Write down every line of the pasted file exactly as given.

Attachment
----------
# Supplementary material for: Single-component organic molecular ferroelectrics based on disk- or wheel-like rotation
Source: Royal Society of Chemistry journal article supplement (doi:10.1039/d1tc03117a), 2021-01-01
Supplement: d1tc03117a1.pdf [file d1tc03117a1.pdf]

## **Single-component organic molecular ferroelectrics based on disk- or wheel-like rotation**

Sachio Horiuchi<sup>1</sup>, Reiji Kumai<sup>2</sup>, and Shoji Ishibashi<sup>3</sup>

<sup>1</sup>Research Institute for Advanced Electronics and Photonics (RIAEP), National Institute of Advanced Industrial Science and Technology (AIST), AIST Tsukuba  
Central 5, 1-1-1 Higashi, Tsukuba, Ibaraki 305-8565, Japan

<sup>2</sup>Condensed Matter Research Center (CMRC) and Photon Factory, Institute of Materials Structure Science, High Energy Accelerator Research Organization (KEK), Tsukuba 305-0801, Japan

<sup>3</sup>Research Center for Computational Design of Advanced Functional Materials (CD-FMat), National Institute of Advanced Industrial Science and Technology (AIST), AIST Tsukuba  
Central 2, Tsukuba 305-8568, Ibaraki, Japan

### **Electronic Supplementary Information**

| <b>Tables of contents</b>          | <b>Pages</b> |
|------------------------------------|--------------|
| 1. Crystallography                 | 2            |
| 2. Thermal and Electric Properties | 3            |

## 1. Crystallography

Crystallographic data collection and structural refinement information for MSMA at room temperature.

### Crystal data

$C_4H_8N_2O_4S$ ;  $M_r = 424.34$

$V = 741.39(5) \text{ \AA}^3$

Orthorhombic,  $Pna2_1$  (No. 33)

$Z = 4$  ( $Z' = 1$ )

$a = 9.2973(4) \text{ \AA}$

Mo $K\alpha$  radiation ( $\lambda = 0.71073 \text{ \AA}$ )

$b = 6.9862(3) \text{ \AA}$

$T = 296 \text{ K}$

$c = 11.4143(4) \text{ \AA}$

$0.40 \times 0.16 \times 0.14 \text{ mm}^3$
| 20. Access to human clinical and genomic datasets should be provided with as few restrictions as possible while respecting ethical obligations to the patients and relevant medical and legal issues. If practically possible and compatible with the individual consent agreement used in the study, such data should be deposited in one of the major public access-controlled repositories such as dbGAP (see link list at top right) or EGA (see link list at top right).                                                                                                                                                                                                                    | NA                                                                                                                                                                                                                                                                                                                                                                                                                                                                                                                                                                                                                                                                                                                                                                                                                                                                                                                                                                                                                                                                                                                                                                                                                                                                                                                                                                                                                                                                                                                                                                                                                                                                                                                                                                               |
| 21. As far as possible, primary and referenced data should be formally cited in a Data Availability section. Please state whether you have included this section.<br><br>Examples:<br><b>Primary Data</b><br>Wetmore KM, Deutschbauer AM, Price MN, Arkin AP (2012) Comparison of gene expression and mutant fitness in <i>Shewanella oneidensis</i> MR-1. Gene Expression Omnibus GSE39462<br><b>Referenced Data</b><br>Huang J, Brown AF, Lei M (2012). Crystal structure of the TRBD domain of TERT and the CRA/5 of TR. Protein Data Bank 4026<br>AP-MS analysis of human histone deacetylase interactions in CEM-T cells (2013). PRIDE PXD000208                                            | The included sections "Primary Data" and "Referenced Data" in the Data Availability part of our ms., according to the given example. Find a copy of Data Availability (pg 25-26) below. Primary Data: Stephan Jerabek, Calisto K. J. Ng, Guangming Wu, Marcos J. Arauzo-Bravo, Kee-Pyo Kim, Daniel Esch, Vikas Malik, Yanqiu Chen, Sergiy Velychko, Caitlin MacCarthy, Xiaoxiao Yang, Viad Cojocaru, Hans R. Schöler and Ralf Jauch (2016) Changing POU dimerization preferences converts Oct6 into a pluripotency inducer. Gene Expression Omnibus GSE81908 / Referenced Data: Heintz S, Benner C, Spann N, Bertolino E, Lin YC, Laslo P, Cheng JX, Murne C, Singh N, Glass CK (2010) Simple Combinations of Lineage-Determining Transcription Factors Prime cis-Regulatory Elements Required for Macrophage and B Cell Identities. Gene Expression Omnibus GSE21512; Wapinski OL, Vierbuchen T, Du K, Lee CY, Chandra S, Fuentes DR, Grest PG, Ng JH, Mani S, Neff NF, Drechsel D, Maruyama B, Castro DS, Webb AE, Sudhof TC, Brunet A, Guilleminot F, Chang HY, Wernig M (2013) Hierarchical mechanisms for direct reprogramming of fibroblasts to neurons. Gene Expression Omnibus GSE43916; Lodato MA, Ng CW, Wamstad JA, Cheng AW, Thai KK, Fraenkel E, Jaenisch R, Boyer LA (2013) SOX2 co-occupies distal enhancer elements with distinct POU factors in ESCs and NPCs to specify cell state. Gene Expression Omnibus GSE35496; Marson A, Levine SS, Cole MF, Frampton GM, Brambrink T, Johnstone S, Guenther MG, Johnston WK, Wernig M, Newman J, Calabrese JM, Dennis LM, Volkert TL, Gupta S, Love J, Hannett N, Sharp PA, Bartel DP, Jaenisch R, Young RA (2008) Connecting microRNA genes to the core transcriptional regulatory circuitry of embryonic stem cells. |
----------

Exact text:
# Supplementary material for: Single-component organic molecular ferroelectrics based on disk- or wheel-like rotation
Source: Royal Society of Chemistry journal article supplement (doi:10.1039/d1tc03117a), 2021-01-01
Supplement: d1tc03117a1.pdf [file d1tc03117a1.pdf]

## **Single-component organic molecular ferroelectrics based on disk- or wheel-like rotation**

Sachio Horiuchi<sup>1</sup>, Reiji Kumai<sup>2</sup>, and Shoji Ishibashi<sup>3</sup>

<sup>1</sup>Research Institute for Advanced Electronics and Photonics (RIAEP), National Institute of Advanced Industrial Science and Technology (AIST), AIST Tsukuba  
Central 5, 1-1-1 Higashi, Tsukuba, Ibaraki 305-8565, Japan

<sup>2</sup>Condensed Matter Research Center (CMRC) and Photon Factory, Institute of Materials Structure Science, High Energy Accelerator Research Organization (KEK), Tsukuba 305-0801, Japan

<sup>3</sup>Research Center for Computational Design of Advanced Functional Materials (CD-FMat), National Institute of Advanced Industrial Science and Technology (AIST), AIST Tsukuba  
Central 2, Tsukuba 305-8568, Ibaraki, Japan

### **Electronic Supplementary Information**

| <b>Tables of contents</b>          | <b>Pages</b> |
|------------------------------------|--------------|
| 1. Crystallography                 | 2            |
| 2. Thermal and Electric Properties | 3            |

## 1. Crystallography

Crystallographic data collection and structural refinement information for MSMA at room temperature.

### Crystal data

$C_4H_8N_2O_4S$ ;  $M_r = 424.34$

$V = 741.39(5) \text{ \AA}^3$

Orthorhombic,  $Pna2_1$  (No. 33)

$Z = 4$  ( $Z' = 1$ )

$a = 9.2973(4) \text{ \AA}$

Mo $K\alpha$  radiation ( $\lambda = 0.71073 \text{ \AA}$ )

$b = 6.9862(3) \text{ \AA}$

$T = 296 \text{ K}$

$c = 11.4143(4) \text{ \AA}$

$0.40 \times 0.16 \times 0.14 \text{ mm}^3$
| 20. Access to human clinical and genomic datasets should be provided with as few restrictions as possible while respecting ethical obligations to the patients and relevant medical and legal issues. If practically possible and compatible with the individual consent agreement used in the study, such data should be deposited in one of the major public access-controlled repositories such as dbGAP (see link list at top right) or EGA (see link list at top right).                                                                                                                                                                                                                    | NA                                                                                                                                                                                                                                                                                                                                                                                                                                                                                                                                                                                                                                                                                                                                                                                                                                                                                                                                                                                                                                                                                                                                                                                                                                                                                                                                                                                                                                                                                                                                                                                                                                                                                                                                                                               |
| 21. As far as possible, primary and referenced data should be formally cited in a Data Availability section. Please state whether you have included this section.<br><br>Examples:<br><b>Primary Data</b><br>Wetmore KM, Deutschbauer AM, Price MN, Arkin AP (2012) Comparison of gene expression and mutant fitness in <i>Shewanella oneidensis</i> MR-1. Gene Expression Omnibus GSE39462<br><b>Referenced Data</b><br>Huang J, Brown AF, Lei M (2012). Crystal structure of the TRBD domain of TERT and the CRA/5 of TR. Protein Data Bank 4026<br>AP-MS analysis of human histone deacetylase interactions in CEM-T cells (2013). PRIDE PXD000208                                            | The included sections "Primary Data" and "Referenced Data" in the Data Availability part of our ms., according to the given example. Find a copy of Data Availability (pg 25-26) below. Primary Data: Stephan Jerabek, Calisto K. J. Ng, Guangming Wu, Marcos J. Arauzo-Bravo, Kee-Pyo Kim, Daniel Esch, Vikas Malik, Yanqiu Chen, Sergiy Velychko, Caitlin MacCarthy, Xiaoxiao Yang, Viad Cojocaru, Hans R. Schöler and Ralf Jauch (2016) Changing POU dimerization preferences converts Oct6 into a pluripotency inducer. Gene Expression Omnibus GSE81908 / Referenced Data: Heintz S, Benner C, Spann N, Bertolino E, Lin YC, Laslo P, Cheng JX, Murne C, Singh N, Glass CK (2010) Simple Combinations of Lineage-Determining Transcription Factors Prime cis-Regulatory Elements Required for Macrophage and B Cell Identities. Gene Expression Omnibus GSE21512; Wapinski OL, Vierbuchen T, Du K, Lee CY, Chandra S, Fuentes DR, Grest PG, Ng JH, Mani S, Neff NF, Drechsel D, Maruyama B, Castro DS, Webb AE, Sudhof TC, Brunet A, Guilleminot F, Chang HY, Wernig M (2013) Hierarchical mechanisms for direct reprogramming of fibroblasts to neurons. Gene Expression Omnibus GSE43916; Lodato MA, Ng CW, Wamstad JA, Cheng AW, Thai KK, Fraenkel E, Jaenisch R, Boyer LA (2013) SOX2 co-occupies distal enhancer elements with distinct POU factors in ESCs and NPCs to specify cell state. Gene Expression Omnibus GSE35496; Marson A, Levine SS, Cole MF, Frampton GM, Brambrink T, Johnstone S, Guenther MG, Johnston WK, Wernig M, Newman J, Calabrese JM, Dennis LM, Volkert TL, Gupta S, Love J, Hannett N, Sharp PA, Bartel DP, Jaenisch R, Young RA (2008) Connecting microRNA genes to the core transcriptional regulatory circuitry of embryonic stem cells. |